IR Thompson DP
Administrative Appeals Tribunal
I.R. Thompson (Deputy President)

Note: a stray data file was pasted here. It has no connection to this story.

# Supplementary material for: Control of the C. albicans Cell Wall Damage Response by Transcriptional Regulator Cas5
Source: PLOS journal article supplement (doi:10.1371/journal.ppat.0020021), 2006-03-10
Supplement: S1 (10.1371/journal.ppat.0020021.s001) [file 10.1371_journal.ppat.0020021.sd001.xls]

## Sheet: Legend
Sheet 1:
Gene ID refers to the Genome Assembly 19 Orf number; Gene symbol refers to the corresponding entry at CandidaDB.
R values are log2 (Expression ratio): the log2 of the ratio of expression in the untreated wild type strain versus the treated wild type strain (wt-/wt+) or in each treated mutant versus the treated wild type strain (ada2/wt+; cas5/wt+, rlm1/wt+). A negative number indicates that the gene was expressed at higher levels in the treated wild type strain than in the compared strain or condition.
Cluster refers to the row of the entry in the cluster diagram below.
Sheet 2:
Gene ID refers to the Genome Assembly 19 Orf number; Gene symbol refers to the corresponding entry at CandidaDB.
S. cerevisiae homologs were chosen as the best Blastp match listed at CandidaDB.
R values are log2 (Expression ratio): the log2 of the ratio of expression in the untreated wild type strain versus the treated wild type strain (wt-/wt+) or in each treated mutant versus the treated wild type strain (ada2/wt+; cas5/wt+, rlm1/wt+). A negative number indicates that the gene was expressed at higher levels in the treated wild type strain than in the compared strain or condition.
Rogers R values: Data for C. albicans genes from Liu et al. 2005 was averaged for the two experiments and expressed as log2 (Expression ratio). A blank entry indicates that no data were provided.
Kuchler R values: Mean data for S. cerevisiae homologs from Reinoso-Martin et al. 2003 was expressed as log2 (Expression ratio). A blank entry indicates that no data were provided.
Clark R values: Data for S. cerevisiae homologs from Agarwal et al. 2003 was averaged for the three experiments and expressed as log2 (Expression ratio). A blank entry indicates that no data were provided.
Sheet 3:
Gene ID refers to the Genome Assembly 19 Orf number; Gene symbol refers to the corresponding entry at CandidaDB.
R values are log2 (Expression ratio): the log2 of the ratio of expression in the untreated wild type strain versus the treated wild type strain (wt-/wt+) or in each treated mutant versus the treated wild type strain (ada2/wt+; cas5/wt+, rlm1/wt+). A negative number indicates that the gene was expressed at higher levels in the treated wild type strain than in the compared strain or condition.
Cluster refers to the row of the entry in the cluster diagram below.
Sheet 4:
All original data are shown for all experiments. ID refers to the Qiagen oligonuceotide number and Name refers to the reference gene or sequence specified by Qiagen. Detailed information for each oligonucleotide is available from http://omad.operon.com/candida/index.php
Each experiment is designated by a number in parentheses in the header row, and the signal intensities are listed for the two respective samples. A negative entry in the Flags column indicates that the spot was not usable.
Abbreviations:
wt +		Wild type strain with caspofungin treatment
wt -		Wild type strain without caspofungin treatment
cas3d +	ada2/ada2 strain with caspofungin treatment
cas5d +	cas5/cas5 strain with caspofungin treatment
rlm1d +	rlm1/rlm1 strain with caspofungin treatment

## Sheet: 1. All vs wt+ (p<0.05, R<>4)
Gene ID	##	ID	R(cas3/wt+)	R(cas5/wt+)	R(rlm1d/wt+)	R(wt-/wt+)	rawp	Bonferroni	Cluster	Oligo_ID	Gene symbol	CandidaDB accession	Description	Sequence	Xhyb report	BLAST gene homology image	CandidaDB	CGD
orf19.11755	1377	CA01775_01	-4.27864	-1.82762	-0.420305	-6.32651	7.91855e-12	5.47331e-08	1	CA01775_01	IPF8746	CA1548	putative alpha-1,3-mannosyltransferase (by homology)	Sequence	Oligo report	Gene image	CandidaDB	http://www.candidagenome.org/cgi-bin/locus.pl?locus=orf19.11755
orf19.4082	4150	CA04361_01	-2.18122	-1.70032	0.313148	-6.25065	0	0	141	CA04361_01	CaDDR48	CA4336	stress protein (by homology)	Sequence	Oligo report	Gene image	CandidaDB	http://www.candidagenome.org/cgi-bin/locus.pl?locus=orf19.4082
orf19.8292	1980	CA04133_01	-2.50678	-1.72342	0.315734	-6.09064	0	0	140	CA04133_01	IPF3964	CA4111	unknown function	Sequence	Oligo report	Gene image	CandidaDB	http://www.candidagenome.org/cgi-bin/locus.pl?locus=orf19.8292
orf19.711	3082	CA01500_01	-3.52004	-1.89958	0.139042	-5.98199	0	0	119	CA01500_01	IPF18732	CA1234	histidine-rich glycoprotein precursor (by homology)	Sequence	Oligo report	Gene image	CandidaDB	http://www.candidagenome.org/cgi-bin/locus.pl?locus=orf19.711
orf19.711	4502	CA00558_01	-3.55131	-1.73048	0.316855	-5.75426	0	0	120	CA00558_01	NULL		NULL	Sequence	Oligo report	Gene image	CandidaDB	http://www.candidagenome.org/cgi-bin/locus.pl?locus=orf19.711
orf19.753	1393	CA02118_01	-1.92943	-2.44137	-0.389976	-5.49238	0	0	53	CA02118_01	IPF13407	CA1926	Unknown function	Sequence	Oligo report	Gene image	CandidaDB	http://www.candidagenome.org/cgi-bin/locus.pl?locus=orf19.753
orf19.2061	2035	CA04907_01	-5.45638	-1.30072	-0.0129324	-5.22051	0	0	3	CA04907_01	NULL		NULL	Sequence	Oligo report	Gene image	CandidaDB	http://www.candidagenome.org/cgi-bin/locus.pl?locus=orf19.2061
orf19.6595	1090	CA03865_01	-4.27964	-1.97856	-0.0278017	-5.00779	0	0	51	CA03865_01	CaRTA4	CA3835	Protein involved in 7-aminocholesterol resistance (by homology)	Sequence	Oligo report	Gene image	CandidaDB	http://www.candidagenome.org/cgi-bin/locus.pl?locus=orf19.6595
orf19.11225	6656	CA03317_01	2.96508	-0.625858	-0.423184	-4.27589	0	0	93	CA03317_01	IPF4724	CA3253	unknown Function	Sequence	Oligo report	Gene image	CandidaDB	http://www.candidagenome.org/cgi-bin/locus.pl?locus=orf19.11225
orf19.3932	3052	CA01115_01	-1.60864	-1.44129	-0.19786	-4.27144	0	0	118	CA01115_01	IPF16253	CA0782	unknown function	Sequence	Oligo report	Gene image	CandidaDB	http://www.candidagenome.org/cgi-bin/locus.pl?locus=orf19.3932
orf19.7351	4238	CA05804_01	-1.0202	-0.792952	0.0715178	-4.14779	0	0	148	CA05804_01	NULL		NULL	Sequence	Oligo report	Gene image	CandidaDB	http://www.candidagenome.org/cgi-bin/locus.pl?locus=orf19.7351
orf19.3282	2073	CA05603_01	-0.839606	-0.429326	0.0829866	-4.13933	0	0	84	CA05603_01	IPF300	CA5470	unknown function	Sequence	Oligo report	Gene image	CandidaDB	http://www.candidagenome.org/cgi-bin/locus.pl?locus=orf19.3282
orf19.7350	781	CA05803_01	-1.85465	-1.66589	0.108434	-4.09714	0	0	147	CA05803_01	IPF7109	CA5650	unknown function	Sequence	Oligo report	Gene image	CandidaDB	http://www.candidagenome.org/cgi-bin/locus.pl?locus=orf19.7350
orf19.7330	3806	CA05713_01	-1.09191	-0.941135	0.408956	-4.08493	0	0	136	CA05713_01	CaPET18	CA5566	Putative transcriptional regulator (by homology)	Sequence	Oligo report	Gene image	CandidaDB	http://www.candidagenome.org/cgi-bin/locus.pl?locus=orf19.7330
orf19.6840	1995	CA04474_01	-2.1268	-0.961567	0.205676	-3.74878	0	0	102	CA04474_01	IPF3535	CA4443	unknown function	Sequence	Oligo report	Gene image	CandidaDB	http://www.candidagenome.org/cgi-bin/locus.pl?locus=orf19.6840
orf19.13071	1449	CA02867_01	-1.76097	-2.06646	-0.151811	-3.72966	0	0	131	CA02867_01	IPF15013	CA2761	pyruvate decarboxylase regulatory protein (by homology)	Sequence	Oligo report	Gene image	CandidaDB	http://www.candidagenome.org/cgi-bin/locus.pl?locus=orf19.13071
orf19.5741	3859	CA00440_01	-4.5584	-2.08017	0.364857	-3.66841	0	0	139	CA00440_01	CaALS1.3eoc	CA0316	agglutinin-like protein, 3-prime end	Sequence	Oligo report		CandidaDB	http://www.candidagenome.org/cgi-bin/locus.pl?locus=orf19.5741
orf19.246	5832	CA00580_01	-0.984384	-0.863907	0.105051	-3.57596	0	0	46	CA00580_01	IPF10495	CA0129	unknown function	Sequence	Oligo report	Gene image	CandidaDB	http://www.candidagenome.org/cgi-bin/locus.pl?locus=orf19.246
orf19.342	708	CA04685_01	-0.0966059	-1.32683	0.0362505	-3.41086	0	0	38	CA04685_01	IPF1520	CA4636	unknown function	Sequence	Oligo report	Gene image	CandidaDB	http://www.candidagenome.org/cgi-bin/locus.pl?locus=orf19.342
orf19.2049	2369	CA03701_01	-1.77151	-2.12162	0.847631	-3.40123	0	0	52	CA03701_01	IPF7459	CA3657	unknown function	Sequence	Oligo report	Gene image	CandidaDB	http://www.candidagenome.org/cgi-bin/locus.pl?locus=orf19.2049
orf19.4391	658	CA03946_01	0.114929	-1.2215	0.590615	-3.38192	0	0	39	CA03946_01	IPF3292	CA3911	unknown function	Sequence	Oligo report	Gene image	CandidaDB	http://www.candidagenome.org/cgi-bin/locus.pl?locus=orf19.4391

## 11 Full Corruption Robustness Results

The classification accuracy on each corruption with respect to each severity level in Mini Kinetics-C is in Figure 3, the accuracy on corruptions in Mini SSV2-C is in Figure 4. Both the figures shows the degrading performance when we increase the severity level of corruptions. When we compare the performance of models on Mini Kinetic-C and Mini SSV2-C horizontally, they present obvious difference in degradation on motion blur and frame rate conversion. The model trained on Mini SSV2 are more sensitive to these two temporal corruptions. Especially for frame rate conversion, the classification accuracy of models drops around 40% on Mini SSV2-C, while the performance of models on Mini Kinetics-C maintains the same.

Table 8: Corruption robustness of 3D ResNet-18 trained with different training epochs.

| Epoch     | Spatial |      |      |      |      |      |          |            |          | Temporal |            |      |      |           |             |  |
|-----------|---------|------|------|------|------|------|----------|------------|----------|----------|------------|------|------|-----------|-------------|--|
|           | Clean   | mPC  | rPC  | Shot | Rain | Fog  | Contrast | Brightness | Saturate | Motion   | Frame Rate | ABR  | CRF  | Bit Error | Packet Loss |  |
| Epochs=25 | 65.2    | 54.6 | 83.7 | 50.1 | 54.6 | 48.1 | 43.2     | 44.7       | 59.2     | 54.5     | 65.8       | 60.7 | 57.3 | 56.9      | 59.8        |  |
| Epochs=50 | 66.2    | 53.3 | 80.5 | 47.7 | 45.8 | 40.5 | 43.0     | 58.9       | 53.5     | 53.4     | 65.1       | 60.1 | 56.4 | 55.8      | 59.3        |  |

The applicant, F, is a company which was incorporated in June 1977, its objects including acting as a trustee. It is the trustee of two family trusts of a businessman, A. I shall refer to them as A's Family Trust No. 1 and A's Family Trust No. 2. The objection decision under review in these proceedings relates to an assessment made by the respondent on 23 January 1986 in respect of F as trustee of A's Family Trust No. 2 for the taxation year which ended on 30 June 1982. The assessment was made on the basis that F was liable to pay tax pursuant to the provisions of sec. 99A of the Income Tax Assessment Act 1936 (``the Act''). The amount of taxable income assessed was $35,152 and the tax assessed in respect of that taxable income was $21,091.20. F objected to the assessment. Its objection was totally disallowed by the respondent. On 18 June 1986 it requested that the objection decision be referred to a Taxation Board of Review for review. The objection decision had not been referred by the Commissioner to a Board of Review by 30 June 1986 when the Taxation Boards of Review were abolished and their jurisdiction was transferred to the Administrative Appeals Tribunal. Subsequently it was referred to the Tribunal pursuant to sec. 189 of the Act.